So, draconic in the setting is used to name places, people, and communication in general. I skipped through most of the phonotactics as I'm using the Hungarian template. So as I filled out entries in my Swadesh list, I ran a small experiment:

arán (sun) + kile (feather) = Oh, f@ck me! How am I supposed to combine two words, this incompatible, into a pair of names?

More precisely, I had a name, Amrar (pronounce: Ámrár), created before through a different method and without having a whole conlang in mind. Compared to Aránkile (which I modified into Áranki/Árenkil, a male and a female form) its soft m, loud and clear á, and grizzly r does a good job of giving off the vibes you'd expect from a golden dragon, regal, powerful, intimidating but still kind. This worked when I was going for vibes, even if it had no meaning or roots in a language at the end. However, I feel like I'm writing myself into a corner with this vocabulary.

I don't want my language to sound like it was generated on vulgarlang.com. I have to maintain my control over the "loudness" curve of each word, their length and which phoneme I use, based on their place of articulation. What should I do to balance the "sounds like an orc/elf/typical politician" with the "names have a meaning"?

  • Not an answer, but what pops into my head is the way consonants change by being misheard or mispronounced by children then repeated. K becomes hard G, L becomes R, some letters get left out etc.. May 24, 2020 at 22:06
  • Hmmm... While my knowledge of Hungarian is, shall we say, extremely limited, I seem to remember from my visits to Budapest that Hungarian makes compound nouns with ease. Lánchíd, repülőtér, szabadság, sárgaréz, újjáépítés... What's wrong with Aránkile? (And the entire men's names and women's names thing is not serious. How can you tell whether Jaijī or Mùzhēn are masculine or feminine names? Does the language have gramatical genders? And if it does, can grammatical genders be inferred from the form of nouns and adjectives, only sometimes, or never?)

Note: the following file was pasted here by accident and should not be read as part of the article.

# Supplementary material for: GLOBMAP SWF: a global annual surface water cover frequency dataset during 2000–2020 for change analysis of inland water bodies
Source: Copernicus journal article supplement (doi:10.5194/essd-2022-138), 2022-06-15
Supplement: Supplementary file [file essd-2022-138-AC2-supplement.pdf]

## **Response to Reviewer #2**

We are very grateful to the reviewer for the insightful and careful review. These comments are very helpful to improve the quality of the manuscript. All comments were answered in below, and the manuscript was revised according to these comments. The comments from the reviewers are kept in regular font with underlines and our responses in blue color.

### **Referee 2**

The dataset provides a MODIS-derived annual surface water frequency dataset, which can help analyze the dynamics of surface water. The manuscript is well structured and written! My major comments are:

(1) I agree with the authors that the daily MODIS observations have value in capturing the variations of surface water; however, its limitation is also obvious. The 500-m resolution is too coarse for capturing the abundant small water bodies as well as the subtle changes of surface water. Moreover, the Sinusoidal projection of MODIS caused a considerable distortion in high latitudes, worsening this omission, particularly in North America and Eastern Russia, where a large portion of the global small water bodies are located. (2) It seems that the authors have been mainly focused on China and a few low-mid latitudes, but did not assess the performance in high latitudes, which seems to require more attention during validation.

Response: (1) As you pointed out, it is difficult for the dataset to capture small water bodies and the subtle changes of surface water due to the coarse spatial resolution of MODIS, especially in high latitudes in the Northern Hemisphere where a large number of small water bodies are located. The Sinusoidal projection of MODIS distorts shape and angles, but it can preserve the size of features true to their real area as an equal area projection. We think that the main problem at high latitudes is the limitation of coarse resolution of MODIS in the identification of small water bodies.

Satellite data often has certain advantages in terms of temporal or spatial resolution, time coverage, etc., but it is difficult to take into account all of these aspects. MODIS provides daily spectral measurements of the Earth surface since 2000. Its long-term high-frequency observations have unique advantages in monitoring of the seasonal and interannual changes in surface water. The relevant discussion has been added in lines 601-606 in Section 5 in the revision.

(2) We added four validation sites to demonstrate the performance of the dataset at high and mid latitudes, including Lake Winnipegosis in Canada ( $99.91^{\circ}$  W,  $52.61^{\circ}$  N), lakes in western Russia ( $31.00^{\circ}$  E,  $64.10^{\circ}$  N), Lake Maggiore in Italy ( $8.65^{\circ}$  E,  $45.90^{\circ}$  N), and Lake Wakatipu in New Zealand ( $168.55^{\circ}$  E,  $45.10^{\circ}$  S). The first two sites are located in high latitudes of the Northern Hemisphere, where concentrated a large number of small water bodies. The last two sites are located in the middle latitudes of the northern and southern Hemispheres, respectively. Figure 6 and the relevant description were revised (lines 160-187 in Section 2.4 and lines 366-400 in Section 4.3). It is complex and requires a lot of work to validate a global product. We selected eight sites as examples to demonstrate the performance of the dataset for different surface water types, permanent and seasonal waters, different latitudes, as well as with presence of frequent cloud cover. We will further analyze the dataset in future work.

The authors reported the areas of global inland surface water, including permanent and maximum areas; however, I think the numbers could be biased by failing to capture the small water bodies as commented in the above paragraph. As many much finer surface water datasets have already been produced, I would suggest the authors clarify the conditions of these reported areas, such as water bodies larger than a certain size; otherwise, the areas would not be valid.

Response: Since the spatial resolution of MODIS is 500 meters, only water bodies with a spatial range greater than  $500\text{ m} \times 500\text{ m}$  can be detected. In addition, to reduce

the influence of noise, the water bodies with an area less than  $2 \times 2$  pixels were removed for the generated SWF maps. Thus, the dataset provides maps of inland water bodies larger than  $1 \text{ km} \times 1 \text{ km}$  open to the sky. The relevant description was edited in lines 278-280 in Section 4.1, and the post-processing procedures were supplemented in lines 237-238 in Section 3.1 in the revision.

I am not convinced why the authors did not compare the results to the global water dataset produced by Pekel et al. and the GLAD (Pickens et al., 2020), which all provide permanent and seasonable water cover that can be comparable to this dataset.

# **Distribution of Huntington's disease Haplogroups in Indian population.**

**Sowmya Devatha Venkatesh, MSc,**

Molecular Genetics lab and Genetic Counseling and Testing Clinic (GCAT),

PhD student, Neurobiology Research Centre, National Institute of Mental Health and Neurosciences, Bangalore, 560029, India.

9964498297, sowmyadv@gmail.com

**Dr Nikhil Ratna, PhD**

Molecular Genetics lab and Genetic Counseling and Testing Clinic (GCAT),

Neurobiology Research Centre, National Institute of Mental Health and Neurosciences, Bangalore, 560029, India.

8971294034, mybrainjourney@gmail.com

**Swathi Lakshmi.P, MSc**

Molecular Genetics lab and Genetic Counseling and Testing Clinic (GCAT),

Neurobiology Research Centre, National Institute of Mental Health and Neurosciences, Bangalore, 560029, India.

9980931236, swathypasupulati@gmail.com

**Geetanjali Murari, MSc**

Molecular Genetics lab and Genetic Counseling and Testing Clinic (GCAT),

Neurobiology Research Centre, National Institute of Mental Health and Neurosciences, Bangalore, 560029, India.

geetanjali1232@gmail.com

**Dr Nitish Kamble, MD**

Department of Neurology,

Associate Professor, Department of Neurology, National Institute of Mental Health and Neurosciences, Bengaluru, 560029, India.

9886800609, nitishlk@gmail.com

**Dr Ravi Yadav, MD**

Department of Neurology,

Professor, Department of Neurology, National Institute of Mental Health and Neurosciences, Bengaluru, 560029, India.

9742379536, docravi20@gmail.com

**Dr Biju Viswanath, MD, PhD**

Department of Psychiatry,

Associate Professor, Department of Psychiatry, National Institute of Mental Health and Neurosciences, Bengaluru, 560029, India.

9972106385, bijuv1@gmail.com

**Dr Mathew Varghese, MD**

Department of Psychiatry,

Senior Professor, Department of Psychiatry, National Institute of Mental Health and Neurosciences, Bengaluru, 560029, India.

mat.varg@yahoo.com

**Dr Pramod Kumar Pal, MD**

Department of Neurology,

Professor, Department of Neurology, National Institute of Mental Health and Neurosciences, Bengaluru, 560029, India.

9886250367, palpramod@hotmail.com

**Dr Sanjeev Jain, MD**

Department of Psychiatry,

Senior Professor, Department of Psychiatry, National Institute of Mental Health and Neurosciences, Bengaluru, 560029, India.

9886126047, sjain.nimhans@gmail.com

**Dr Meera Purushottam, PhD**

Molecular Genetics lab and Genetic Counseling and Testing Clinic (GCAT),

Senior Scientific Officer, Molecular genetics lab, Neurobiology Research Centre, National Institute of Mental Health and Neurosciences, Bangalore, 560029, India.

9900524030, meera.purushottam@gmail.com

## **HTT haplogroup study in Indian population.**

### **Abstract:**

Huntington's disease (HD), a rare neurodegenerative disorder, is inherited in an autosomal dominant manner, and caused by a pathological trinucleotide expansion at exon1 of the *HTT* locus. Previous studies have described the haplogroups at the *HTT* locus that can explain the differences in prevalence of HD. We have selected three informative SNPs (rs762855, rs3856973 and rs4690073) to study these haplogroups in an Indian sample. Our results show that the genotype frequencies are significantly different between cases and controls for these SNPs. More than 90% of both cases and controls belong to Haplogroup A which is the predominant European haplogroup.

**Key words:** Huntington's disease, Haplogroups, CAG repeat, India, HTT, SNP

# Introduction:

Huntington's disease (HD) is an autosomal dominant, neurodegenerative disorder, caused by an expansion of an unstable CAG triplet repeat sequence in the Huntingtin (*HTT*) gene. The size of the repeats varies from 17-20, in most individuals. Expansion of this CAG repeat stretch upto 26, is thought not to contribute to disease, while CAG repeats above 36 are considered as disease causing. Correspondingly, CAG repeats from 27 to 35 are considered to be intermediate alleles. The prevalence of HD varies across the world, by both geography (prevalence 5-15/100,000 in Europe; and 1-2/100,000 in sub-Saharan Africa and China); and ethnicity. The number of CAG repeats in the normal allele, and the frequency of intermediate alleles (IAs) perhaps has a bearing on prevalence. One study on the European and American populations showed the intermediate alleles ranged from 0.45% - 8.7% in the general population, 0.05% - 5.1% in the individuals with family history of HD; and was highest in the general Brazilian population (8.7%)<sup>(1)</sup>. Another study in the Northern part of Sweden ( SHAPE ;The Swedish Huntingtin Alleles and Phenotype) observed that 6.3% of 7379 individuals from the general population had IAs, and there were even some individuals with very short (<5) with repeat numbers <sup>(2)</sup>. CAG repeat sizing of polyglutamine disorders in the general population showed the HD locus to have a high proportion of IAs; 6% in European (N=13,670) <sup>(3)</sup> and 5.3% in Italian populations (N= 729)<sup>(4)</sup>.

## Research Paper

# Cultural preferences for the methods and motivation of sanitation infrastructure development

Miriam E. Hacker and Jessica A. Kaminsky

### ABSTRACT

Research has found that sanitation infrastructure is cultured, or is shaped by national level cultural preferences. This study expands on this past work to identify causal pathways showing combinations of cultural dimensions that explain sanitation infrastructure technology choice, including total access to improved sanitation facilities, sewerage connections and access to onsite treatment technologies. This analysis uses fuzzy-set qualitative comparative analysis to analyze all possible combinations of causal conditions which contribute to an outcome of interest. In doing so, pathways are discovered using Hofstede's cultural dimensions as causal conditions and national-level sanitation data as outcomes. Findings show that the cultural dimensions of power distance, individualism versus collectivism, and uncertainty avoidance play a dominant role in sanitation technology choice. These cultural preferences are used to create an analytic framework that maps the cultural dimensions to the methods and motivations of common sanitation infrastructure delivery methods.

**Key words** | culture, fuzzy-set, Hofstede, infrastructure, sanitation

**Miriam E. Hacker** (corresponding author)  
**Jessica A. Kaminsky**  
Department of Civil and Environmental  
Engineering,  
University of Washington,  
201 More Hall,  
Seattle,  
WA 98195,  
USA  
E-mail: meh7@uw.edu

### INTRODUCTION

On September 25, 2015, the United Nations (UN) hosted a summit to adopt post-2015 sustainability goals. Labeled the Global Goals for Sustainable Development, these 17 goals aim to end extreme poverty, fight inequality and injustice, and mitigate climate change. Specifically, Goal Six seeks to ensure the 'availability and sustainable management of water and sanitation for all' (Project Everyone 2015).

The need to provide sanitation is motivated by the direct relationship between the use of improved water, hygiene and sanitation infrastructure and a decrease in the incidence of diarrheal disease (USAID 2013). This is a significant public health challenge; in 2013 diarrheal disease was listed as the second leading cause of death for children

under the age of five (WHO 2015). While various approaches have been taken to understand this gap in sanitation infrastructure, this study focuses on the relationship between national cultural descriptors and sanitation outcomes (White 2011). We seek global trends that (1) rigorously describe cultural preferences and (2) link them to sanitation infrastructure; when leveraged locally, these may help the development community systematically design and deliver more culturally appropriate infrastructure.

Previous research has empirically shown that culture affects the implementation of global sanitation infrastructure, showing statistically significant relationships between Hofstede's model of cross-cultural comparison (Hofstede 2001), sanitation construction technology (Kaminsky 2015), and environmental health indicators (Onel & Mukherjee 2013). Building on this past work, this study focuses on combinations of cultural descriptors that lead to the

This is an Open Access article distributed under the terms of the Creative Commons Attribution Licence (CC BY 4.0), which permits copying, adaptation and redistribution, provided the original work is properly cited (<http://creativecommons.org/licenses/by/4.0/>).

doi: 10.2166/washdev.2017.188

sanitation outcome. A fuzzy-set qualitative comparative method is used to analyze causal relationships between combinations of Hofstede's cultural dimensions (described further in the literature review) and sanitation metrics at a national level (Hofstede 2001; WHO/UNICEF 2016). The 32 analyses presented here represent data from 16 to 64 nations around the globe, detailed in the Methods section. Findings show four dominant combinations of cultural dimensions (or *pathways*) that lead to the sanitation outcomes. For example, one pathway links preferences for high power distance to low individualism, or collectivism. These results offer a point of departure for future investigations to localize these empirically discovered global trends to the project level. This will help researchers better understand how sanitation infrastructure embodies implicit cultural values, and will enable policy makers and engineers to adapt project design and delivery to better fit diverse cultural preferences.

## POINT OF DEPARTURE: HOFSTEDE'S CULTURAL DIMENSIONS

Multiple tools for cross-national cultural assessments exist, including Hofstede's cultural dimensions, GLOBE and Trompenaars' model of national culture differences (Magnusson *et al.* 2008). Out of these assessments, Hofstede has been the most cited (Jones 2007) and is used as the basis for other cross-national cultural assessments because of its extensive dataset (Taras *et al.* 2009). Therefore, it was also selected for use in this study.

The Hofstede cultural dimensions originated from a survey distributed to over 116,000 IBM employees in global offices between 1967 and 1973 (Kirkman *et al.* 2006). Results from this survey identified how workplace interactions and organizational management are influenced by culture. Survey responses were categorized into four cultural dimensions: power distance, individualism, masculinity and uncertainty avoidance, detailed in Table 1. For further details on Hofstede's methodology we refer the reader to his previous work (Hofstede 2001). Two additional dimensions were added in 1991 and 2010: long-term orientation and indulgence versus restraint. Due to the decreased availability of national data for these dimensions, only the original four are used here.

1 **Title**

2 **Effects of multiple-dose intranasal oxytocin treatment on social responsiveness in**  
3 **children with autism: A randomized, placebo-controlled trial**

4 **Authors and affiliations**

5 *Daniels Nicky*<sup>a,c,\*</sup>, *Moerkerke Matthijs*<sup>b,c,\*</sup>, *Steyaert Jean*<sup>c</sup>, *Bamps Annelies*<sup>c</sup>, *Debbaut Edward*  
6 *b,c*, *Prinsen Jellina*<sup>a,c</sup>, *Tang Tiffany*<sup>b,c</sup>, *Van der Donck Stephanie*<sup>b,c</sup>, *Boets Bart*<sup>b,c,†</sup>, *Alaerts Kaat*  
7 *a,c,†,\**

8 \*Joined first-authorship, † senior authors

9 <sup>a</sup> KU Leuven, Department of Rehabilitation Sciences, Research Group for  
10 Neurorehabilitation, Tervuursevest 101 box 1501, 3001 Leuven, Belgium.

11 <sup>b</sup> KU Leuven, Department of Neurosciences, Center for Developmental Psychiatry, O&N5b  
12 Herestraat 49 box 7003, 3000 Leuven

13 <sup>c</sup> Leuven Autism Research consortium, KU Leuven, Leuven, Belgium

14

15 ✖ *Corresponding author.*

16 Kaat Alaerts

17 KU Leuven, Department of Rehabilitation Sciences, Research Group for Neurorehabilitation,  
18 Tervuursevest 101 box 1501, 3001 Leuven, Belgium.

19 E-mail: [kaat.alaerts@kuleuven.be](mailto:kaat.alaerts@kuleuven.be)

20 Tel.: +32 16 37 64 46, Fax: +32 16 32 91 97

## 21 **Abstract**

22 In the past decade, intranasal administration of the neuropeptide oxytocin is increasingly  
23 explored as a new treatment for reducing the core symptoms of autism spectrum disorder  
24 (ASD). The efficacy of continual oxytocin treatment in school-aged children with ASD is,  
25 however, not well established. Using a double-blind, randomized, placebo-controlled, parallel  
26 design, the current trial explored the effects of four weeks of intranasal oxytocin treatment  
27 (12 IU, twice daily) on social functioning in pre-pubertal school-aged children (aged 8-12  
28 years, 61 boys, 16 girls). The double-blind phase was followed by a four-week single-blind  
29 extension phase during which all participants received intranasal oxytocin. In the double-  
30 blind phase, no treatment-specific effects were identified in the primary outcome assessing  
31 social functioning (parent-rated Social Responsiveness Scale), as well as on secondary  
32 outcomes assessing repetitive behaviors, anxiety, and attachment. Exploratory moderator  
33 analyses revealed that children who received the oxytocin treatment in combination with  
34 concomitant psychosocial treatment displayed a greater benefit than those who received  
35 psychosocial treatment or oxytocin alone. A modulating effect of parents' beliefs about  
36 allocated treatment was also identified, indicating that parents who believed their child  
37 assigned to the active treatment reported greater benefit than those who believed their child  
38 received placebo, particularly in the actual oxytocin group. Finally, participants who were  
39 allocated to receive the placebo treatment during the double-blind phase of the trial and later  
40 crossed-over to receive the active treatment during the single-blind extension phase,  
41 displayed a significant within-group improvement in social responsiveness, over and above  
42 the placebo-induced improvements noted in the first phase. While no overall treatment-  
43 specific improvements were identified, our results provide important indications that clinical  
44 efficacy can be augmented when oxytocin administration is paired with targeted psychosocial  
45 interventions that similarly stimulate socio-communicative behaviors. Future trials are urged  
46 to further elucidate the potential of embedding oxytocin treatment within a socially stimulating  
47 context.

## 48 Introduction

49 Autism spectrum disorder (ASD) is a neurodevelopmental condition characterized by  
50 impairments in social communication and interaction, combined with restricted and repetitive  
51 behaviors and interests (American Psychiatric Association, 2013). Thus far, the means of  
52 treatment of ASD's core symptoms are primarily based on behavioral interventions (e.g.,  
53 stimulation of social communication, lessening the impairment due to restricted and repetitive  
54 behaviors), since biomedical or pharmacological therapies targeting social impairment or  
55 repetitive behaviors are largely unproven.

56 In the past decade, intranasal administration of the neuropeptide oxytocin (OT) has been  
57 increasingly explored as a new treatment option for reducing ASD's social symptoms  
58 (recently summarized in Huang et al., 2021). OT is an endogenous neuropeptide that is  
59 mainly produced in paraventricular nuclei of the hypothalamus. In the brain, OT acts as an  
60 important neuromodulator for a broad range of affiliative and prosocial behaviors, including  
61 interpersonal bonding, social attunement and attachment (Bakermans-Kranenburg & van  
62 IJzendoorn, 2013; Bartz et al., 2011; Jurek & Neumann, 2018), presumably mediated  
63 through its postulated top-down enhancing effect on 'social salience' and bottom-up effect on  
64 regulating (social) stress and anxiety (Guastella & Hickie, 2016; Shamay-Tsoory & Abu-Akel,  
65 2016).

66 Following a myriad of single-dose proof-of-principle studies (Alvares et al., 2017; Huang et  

– AlexP
    May 24, 2020 at 22:10
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    How does the language make new words? Mainly by derivation with prefixes and suffixes, like Latin and its Romance daughters, or does it make compounds with ease, like Greek or German? When making compounds, does it prefer athematic compounds, or does it insert thematic vowels like Greek Arist o teles or Latin Agr i cola? Does it make coordinative compounds, like Camelopardalis (camel-panther, that is, a giraffe) or Heracles, or does it only make determinative compounds like Cassiopeia or Antiope?
    – AlexP
    May 24, 2020 at 22:20
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    I don't really understand what your issue actually is. Arankile seems perfectly fine as a combined form. Can you clarify what it is you're looking for: what makes those words incompatible; what is it you're actually trying to do?
    – elemtilas
    May 24, 2020 at 22:50
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    For an "Elvish" sound, look at this question and its answers: conlang.stackexchange.com/questions/589/…
    – Sir Cornflakes
    May 27, 2020 at 9:25

1 Answer 1


Note that you as the conlang designer control both ends of the chain: The final wordform and the etymology. So you can play with both parts until the result meets your wishes.

So you can start with the wordform Amrar and search for an etymology, splitting it up as Am-rar and find some meanings for Am and rar, say am is short for amon "hill, mountain" and rar is "roar, load noise", making your mighty dragon a "moutain-roar(er)". Tolkien used this approach a lot. The backside of this approach is that the conlang becomes difficult to maintain.

EDIT: Going the other way, starting with arán and kile, you can vary the order of the two stems, Maybe Kilarán sounds better than Aránkil? It is your decision. You can also throw in some sounds between the two stems, say Aránskil with an inserted s, you can insert a vowel, say a, to yield Aranakil, you can assimilate the n to the k giving Arángkil.

Starting with roots from your conlang, there are still a lot of creative possibilites to combine them in compounds: Inserting a Fugenelement (example from German Herz-ens-sache "affair of the heart", from Herz "heart" and Sache "thing, affair", ens being the Fugenelement without meaning), applying some assimilations or dissimilations, dropping syllables from long words (syncope), ...).

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